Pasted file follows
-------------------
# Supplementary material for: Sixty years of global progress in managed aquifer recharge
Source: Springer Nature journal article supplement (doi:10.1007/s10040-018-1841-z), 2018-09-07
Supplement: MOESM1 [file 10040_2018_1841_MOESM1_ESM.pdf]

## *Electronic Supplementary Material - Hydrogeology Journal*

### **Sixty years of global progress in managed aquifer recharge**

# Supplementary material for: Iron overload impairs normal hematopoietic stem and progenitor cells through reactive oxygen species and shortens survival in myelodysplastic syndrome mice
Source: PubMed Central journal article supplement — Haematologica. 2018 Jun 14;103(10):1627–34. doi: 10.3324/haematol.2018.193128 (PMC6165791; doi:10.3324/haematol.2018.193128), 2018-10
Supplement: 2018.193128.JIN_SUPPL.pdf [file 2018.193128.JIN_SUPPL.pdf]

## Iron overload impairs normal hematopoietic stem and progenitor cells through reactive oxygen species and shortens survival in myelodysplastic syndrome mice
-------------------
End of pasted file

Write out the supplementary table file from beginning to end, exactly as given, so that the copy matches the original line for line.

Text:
# Supplementary material for: Sixty years of global progress in managed aquifer recharge
Source: Springer Nature journal article supplement (doi:10.1007/s10040-018-1841-z), 2018-09-07
Supplement: MOESM1 [file 10040_2018_1841_MOESM1_ESM.pdf]

## *Electronic Supplementary Material - Hydrogeology Journal*

### **Sixty years of global progress in managed aquifer recharge**

# Supplementary material for: Iron overload impairs normal hematopoietic stem and progenitor cells through reactive oxygen species and shortens survival in myelodysplastic syndrome mice
Source: PubMed Central journal article supplement — Haematologica. 2018 Jun 14;103(10):1627–34. doi: 10.3324/haematol.2018.193128 (PMC6165791; doi:10.3324/haematol.2018.193128), 2018-10
Supplement: 2018.193128.JIN_SUPPL.pdf [file 2018.193128.JIN_SUPPL.pdf]

## Iron overload impairs normal hematopoietic stem and progenitor cells through reactive oxygen species and shortens survival in myelodysplastic syndrome mice